Stanislavsky and Politics: Active Analysis and the American Legacy of Soviet Oppression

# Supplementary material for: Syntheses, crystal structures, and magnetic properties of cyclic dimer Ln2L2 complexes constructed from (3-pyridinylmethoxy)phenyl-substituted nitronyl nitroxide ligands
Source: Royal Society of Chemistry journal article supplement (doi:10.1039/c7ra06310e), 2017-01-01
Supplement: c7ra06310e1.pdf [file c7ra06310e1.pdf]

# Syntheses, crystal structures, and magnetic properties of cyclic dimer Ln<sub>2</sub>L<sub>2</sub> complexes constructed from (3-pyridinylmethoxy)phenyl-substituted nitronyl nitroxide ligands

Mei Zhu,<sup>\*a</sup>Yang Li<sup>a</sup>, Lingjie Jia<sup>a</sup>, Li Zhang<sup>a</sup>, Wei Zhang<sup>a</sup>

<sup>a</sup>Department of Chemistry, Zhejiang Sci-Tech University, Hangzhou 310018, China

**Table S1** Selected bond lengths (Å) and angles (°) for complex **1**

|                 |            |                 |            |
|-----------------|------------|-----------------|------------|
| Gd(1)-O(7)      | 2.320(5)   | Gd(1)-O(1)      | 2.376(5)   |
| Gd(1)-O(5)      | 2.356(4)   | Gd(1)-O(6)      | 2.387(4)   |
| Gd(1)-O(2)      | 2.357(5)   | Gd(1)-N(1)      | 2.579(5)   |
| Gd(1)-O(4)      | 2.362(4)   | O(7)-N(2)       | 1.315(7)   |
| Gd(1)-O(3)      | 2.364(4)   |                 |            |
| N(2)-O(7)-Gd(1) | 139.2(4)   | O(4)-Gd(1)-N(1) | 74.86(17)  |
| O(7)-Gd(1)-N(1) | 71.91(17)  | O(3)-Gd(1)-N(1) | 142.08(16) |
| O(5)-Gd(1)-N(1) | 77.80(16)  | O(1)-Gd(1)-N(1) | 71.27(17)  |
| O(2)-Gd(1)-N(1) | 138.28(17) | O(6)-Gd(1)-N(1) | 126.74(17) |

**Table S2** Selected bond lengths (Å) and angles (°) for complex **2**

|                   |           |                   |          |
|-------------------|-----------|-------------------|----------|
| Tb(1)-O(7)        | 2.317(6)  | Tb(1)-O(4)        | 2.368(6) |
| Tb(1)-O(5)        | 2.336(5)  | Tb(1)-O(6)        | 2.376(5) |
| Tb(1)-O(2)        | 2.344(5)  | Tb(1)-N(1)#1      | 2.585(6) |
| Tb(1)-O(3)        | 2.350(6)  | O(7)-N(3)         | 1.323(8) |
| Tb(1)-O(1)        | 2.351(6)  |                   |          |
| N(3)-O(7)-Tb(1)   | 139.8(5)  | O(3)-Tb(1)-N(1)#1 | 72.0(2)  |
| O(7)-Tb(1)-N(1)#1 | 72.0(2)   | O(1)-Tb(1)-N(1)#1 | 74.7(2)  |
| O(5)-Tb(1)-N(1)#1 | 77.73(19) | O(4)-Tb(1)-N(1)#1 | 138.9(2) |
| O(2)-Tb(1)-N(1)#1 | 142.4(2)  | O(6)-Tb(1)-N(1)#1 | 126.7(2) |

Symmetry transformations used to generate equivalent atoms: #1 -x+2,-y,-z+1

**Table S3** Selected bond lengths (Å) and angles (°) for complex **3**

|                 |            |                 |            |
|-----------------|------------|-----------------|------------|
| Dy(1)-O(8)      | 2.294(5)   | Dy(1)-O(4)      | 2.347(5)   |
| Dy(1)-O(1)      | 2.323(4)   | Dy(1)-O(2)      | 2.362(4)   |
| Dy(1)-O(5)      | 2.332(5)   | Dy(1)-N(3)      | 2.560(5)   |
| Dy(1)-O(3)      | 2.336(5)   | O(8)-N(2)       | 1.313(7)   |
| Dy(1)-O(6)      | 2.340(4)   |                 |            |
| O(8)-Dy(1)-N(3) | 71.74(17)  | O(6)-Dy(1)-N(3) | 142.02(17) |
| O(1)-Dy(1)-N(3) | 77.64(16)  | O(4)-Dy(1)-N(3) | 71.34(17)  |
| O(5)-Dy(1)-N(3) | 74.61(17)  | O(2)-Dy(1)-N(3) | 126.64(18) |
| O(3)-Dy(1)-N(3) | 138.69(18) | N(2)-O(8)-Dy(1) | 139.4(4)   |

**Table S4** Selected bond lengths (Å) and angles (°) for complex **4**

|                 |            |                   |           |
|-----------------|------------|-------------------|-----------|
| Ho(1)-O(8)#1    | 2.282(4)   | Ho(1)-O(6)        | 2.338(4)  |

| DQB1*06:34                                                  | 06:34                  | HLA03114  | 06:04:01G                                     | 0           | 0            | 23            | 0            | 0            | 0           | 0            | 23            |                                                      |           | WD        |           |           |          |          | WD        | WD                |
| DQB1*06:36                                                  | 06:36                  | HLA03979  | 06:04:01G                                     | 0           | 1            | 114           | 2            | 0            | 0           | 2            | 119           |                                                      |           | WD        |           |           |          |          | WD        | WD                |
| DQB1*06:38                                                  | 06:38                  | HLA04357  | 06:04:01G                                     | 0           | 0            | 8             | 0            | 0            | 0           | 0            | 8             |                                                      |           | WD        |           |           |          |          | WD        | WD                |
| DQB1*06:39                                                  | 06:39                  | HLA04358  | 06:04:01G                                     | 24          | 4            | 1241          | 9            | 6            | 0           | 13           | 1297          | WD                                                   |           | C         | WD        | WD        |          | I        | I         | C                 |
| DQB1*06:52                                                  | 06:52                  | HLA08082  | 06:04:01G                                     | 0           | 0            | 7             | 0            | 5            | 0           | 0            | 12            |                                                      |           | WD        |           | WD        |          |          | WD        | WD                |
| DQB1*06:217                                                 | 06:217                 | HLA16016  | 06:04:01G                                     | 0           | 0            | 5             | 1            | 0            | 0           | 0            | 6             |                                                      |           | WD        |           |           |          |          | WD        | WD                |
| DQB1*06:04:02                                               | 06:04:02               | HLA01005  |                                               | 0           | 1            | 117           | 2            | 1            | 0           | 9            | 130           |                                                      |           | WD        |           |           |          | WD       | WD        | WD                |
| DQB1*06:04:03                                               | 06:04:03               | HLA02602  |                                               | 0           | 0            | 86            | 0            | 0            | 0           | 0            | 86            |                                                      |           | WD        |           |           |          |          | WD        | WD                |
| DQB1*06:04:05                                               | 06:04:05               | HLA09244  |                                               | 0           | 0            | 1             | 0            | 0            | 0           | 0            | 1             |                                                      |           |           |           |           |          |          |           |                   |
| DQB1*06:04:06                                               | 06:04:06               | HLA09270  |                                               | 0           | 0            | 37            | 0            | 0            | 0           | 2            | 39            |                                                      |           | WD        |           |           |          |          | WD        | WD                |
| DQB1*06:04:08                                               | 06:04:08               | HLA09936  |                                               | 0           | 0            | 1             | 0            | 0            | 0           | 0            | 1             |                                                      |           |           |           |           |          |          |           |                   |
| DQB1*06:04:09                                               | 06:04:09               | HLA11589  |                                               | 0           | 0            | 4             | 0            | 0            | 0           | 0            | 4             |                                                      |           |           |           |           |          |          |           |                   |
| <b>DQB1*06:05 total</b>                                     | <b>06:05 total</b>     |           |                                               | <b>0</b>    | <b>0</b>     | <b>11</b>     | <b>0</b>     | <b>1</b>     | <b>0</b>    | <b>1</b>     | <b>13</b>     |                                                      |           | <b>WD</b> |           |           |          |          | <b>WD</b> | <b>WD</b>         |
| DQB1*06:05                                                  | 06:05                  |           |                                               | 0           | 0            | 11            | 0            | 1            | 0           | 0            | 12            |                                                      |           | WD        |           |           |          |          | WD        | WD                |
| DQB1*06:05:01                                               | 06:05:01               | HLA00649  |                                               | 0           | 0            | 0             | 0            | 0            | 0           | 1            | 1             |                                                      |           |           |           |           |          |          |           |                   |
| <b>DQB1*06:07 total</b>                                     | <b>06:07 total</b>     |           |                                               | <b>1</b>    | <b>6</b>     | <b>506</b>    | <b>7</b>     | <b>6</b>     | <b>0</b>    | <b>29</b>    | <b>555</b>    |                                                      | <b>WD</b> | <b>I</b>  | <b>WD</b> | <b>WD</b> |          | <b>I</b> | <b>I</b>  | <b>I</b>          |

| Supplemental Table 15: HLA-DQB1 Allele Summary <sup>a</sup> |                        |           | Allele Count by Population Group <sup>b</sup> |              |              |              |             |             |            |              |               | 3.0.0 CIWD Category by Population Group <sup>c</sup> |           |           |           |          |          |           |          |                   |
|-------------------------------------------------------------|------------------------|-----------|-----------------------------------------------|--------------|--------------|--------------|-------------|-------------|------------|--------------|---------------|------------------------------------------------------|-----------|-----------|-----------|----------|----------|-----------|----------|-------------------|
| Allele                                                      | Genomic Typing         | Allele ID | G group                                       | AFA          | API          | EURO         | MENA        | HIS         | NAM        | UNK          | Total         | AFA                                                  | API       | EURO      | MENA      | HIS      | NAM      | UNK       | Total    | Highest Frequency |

In classes and rehearsals, U.S. acting teachers and directors invoke Stanislavsky’s name as if they knew him well. In books and articles about theatre and performance, U.S. scholars refer to the “Stanislavskian actor” as if the phrase represents a clear and transparent concept. Yet, assumptions behind these references are not necessarily derived from clear-sighted visions of the Russian’s work. Americans tend to think of Stanislavsky as a tyrannical director and teacher, exclusively committed to realism as an aesthetic style and personal emotion as the primary wellspring of great acting. In fact, he viewed the actor as an autonomous artist, saw realism as only one in a myriad of equally profound theatrical styles, and developed a compendium of acting techniques, with “emotional memory” as the most capricious and least effective.